“We can’t put any more buses on the corridor. It’s completely saturated with 60-foot articulated buses that are jam-packed,” Desmond says. “That [rail] corridor is very strongly justified just by demand.”
The 3.5-mile, six-station subway line will extend the SkyTrain’s Millennium Line from the existing VCC-Clark Station in Vancouver to a new stop at Arbutus Street. The line will travel on a nearly half-mile elevated guideway after the VCC-Clark stop and then transition to a below-grade route under Broadway for about 3 miles.
Over time, a “considerable” number of developments are expected to sprout up along the Broadway corridor over time, Desmond says.
TransLink’s other major rail project in the second phase is the CA$1.65 billion Surrey light-rail project, which calls for building 16.7 miles of light rail in the metro Vancouver area. The line initially would connect points in Surrey, British Columbia, then eventually be extended to Langley, British Columbia.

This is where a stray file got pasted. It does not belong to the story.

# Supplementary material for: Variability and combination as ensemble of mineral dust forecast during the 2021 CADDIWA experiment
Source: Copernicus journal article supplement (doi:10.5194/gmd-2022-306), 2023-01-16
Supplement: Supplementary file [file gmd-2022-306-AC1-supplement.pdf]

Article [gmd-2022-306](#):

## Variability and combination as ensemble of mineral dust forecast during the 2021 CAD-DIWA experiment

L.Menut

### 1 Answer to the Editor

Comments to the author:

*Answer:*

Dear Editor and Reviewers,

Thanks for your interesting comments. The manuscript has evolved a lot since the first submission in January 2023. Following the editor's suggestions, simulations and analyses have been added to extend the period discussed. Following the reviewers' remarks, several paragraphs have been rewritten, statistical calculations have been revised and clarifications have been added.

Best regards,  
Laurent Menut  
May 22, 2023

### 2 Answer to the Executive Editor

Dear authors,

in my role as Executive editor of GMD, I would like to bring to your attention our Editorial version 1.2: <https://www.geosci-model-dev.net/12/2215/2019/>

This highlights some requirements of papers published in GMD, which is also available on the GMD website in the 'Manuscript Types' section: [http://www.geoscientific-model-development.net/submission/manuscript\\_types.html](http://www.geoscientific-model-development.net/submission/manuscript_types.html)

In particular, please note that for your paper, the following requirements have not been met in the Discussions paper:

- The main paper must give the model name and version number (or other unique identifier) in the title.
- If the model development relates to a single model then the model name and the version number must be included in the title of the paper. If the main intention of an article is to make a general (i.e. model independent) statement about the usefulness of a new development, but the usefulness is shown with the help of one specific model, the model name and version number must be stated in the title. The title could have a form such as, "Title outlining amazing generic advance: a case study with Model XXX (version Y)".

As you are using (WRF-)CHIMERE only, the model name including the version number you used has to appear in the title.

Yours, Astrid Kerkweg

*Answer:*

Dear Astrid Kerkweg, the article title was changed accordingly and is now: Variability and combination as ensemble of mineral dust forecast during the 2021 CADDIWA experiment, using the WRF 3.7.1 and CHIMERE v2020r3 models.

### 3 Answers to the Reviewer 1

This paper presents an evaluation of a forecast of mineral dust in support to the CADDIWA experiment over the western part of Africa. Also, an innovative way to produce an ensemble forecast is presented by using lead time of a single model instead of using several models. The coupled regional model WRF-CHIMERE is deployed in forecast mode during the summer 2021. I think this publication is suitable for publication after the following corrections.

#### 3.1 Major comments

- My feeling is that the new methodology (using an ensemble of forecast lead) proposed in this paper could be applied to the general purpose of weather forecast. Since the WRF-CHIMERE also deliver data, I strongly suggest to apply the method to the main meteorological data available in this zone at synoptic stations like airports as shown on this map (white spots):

Light rail was selected to “rethink and redevelop the way Surrey works in terms of its transportation network, and in terms of land use,” Desmond says. The corridor now is an often-congested arterial road, with many commercial developments but not much in the way of housing.
“Light rail is intended to spark a different type of development going forward,” Desmond says. “The vision is to create walkable, sustainable, livable communities along the light rail.”
Additionally, the current road is particularly prone to congestion during peak hours, but the Surrey line is expected to relieve some of that — not to mention reduce travel times for locals.
While planning the Surrey project, TransLink officials visited other North American cities with light-rail systems, including Phoenix and Minneapolis. They also toured agencies in Ontario, where light-rail lines are being built in Toronto and Ottawa.